Note: Throughout the baseball season, I'm going to attempt to give weekly series recaps, but you and I both know that won't happen all the time. But, hey, I'm batting 1.000 for now!
It was a less than inspiring opening weekend for South Carolina baseball, despite the series win over the Liberty Flames. It was the first time since 2009 that the Gamecocks were unable to sweep its opening opponent, and a dramatic comeback was needed to even salvage the series.
Of particular concern is that South Carolina committed five errors this weekend—although oddly enough, the only game in which they committed no errors was the loss. Joey Pankake and Chase Vergason (also known as the entire left side of the infield) were guilty of two errors each. Vergason's were both throwing errors, which more forgiving fans may temporarily excuse since he transitioned from second base, a position requiring a far shorter putout toss. But Pankake's errors? Through-the-wickets, Little League flubs, one of which led to a whopping four unearned runs. If memory serves, Pankake was slow to settle on defense in 2012, but one would have thought such freshman hiccups were bygone. Alas.
Here's how the games shook out:
Friday's game was the only of the three in which the Gamecocks never trailed. Senior 1B LB Dantzer proved the offensive stud, reaching base three times on two hits, including a home run in his first at bat. Less inspiring were the first-year tandem of Max Shrock and Graham Saiko, who combined to go 0-6 on the day (and only 4-23 [.173] on the weekend.) Jordan Montgomery posted a satisfactory opening line (6 IP, 5 H, 2 BB, 5 K) although he had to pitch out of his fair share of jams due to errors. Liberty left a whopping nine runners on base in Montgomery's six innings. In total, Liberty left 14 runners on base, which really smarts in a one-run loss. Matt Price was no-doubt impressed by his successor, with senior Tyler Webb notching the 5 out save and mostly staving off inherited trouble in the 8th. Final score: 4-3, Gamecocks.
Saturday's game was postponed due to stinky weather, setting up a Sunday double-header. The Gamecocks' pitching staff allowed only two earned runs, which is a shame because Liberty scored seven total. In fact, Forrest Koumas was perfect through 3, and had only allowed a run on two hits through 6. But the 7th was disastrous. Three hits, two errors, two walks, a balk, and a hit batsman yielded six runs, five of them unearned. Much ballyhooed freshman Jack Wynkoop's debut lasted only four pitches, all of them balls (and he threw in a balk for good measure.) All of this amounted to a 7-0 Flames lead after 7 innings. But the final two innings reaffirmed this writer's preference for sports that don't allow teams to bleed game clocks (until we blow a late lead, that is.) South Carolina plated eight runs in the final two innings, capped by a wacky final play with the bases loaded and two outs in the 9th. Pinch hitter Kyle Martin lined a comebacker that ricocheted off pitcher Josh Richardson, leading catcher Trey Wimmer to scoop and fire to first. The throw was low, skipping off 1B Alex Close's glove and allowing Graham Saiko to score the winning run from second. A vintage 2011 CWS play! Final score: 8-7, Gamecocks.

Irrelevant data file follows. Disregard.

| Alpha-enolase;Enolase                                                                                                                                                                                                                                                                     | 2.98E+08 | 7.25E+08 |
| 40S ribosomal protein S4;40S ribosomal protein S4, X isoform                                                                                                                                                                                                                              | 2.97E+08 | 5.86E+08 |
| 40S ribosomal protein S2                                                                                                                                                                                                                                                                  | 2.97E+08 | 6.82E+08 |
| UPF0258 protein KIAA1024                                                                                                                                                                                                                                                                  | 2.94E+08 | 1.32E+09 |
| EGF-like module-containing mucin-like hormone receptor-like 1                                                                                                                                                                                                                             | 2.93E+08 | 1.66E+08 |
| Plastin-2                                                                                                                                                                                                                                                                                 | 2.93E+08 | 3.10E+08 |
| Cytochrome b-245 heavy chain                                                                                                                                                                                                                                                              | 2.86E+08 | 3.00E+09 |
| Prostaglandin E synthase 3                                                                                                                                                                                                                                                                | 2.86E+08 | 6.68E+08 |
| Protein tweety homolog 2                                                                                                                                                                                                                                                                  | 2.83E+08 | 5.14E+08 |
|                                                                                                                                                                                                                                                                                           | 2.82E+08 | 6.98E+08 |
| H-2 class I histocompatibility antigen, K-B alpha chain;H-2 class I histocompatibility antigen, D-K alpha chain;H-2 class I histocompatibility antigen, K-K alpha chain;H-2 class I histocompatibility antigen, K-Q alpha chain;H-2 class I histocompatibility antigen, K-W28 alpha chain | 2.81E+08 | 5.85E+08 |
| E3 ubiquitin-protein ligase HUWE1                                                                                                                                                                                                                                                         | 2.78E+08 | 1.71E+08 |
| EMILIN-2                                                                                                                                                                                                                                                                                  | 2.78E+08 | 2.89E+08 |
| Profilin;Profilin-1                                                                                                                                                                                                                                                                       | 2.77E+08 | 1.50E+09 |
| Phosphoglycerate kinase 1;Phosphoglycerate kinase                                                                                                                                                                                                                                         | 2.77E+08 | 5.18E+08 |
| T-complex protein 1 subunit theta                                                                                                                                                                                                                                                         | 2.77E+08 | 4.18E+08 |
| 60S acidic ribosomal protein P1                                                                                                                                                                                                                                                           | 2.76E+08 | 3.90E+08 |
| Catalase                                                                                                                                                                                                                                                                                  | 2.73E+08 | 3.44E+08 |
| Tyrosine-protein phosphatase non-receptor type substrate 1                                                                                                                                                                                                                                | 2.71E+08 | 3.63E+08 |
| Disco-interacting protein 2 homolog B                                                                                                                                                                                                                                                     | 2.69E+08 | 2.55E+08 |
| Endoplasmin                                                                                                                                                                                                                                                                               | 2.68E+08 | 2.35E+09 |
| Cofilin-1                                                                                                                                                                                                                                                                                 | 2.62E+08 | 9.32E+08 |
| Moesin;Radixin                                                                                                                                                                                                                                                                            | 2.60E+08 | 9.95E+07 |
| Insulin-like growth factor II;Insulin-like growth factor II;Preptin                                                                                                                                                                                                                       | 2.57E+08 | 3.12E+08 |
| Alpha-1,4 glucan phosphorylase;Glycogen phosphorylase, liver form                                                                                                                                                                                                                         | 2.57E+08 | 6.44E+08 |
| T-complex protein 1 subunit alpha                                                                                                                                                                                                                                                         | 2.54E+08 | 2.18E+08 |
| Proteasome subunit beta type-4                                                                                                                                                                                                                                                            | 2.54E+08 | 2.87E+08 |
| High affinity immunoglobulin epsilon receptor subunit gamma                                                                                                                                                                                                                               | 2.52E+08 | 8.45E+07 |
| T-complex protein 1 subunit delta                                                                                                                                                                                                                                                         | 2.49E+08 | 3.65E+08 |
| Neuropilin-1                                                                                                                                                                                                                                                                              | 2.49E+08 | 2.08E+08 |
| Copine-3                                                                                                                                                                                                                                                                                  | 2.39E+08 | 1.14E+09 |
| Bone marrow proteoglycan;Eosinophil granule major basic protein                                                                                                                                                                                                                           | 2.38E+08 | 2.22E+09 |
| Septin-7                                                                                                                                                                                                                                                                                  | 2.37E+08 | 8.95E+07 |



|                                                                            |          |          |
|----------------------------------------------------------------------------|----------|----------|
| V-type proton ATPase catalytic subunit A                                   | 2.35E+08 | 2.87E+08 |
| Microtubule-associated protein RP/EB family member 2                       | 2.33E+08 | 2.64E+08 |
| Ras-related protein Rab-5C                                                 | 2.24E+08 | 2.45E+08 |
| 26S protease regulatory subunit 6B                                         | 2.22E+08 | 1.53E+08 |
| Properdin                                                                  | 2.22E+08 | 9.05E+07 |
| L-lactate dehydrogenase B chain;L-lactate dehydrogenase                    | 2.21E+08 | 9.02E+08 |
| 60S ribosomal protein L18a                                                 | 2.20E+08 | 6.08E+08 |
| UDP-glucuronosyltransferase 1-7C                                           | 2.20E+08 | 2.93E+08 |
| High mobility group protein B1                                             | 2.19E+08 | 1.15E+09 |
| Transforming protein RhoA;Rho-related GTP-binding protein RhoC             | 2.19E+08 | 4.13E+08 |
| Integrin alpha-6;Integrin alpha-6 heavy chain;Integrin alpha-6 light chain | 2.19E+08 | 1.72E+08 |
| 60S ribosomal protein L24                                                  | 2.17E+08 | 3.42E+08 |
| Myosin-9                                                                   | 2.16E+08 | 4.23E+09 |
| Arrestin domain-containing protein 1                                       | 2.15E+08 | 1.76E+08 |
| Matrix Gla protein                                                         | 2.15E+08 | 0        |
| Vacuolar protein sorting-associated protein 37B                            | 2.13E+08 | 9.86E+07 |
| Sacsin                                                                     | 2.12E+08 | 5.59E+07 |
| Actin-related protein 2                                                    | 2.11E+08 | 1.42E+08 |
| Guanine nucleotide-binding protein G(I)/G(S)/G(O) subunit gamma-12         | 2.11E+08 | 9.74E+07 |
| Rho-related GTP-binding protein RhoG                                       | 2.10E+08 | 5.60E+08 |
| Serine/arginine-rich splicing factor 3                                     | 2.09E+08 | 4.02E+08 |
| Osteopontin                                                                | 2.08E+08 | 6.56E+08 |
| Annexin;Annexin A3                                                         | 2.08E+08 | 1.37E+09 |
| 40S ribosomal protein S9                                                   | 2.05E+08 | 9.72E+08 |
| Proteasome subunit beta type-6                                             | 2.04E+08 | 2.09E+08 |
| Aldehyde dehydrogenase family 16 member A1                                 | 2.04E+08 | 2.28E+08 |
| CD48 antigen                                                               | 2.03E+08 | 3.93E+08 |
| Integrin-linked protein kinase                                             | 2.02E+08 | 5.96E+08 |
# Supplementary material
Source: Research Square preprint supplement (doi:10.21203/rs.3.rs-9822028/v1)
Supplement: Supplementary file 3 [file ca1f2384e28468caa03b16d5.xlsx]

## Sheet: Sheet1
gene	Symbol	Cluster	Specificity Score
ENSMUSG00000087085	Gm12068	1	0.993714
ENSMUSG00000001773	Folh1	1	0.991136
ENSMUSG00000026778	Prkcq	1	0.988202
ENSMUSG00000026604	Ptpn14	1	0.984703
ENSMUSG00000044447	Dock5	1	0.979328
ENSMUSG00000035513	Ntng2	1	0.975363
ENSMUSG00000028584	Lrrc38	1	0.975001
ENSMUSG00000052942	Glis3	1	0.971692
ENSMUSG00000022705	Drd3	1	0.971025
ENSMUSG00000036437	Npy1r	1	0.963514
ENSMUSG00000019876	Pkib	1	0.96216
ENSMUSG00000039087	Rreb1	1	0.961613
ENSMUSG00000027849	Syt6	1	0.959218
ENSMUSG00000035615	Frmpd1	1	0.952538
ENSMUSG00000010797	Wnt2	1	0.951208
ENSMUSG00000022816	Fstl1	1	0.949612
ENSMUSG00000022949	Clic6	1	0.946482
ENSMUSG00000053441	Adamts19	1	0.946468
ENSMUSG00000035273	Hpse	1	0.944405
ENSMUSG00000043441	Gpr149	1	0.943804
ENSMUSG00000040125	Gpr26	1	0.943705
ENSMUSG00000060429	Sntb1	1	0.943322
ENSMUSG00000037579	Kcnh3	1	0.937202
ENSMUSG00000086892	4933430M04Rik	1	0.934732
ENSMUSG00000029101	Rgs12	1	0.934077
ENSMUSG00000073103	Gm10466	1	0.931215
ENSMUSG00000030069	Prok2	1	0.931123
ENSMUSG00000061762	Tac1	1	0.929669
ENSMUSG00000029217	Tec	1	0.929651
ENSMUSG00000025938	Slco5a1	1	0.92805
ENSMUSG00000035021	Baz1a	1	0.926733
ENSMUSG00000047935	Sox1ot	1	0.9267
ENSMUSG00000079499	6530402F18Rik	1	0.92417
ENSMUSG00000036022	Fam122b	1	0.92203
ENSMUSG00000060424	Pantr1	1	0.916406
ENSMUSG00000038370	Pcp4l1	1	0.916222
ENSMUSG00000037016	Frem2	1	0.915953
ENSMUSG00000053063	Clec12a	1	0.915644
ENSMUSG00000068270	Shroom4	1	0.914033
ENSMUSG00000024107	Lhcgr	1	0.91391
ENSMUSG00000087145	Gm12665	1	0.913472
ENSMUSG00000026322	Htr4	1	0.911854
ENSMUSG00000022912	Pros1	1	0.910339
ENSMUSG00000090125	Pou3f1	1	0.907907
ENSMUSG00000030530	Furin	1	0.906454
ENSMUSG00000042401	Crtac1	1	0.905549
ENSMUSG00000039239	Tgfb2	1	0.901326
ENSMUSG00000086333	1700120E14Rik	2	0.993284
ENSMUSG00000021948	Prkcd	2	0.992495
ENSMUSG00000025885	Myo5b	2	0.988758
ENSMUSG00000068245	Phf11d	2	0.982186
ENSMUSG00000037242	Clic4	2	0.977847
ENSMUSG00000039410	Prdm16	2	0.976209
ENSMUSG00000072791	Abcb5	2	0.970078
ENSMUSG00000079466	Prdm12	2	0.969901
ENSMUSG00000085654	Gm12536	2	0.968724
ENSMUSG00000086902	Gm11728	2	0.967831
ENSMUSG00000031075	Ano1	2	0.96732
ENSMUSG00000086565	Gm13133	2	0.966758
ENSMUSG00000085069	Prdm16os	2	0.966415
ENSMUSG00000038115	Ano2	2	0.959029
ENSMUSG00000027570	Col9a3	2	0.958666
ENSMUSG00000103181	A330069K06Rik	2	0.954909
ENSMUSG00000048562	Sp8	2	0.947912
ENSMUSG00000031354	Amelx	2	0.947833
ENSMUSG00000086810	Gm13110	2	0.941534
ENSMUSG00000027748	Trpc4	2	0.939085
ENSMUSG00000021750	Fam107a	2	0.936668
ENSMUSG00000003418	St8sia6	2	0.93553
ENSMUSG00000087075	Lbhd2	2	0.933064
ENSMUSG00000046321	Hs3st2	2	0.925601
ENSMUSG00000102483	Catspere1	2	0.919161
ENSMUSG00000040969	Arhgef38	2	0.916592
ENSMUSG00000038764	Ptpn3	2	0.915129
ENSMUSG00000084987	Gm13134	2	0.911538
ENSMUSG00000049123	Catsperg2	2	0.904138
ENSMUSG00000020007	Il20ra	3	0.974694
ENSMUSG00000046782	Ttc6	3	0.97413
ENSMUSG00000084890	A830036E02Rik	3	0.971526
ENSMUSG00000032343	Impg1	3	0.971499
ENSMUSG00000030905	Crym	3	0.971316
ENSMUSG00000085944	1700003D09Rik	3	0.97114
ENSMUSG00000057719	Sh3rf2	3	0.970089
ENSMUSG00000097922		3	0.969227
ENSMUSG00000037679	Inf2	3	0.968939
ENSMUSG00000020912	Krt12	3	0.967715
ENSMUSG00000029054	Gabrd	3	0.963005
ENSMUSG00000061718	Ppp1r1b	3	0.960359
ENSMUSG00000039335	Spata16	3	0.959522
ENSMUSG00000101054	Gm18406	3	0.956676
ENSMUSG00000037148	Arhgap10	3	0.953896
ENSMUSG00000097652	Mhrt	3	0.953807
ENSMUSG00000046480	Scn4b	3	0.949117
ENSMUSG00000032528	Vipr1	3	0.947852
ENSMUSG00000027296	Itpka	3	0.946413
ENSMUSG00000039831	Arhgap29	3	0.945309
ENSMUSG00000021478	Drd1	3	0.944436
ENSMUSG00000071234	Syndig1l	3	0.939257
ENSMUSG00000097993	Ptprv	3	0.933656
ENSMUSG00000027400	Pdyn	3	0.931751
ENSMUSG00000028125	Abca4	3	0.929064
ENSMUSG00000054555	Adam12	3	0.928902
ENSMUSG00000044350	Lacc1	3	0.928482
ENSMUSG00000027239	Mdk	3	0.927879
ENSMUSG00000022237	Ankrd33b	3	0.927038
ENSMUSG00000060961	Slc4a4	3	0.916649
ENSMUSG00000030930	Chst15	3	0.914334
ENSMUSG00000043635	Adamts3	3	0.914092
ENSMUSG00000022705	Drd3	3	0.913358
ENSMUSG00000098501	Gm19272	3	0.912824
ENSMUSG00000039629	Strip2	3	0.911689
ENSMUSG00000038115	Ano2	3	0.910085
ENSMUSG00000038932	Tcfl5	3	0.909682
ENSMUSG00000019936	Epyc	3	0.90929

The second half of the double header was shortened to 7 innings, which wouldn't allow for the late-inning heroics we'd so dearly need. Nolan Belcher's return to a weekend starting role was middling (5.2 IP, 4 H, 3 ER) although he did strike out nine batters. He received little help from his offense, especially the bottom part of the order which went a combined 1 for 10. The 7th (and final) inning could have been something after a leadoff walk, but a poor Tanner English bunt led to a force out and second. English was then caught stealing for the second time of the series. A flyout later, the game was over. Game 3: 3-2, Flames.
SHEEPISH ADMISSION: I was only able to absorb the series through my Twitter feed, so I'll direct you elsewhere for a meatier wrap-up (like this Post and Courier piece). But remember, early season wobbles aren't uncommon—last year, our first two games were also one-run wins, although we did wallop VMI in the Sunday game. At any rate, I'd like to see a better showing from the bullpen—a weekend line of 7 IP, 8 hits, 7 walks, and 3 ER isn't acceptable, especially against a lesser (if not abysmal) opponent. Oh, yeah, and how about a blowout win (I'm talking >10 runs to <3 runs) to get those bats going? The Gamecocks will face Albany thrice next weekend, and I'll be curious to what degree Chad Holbrook fiddles with the lineup. Do we stay the course for a larger sample size, or is now the time for experimentation? Until Friday, we steep in anticipation.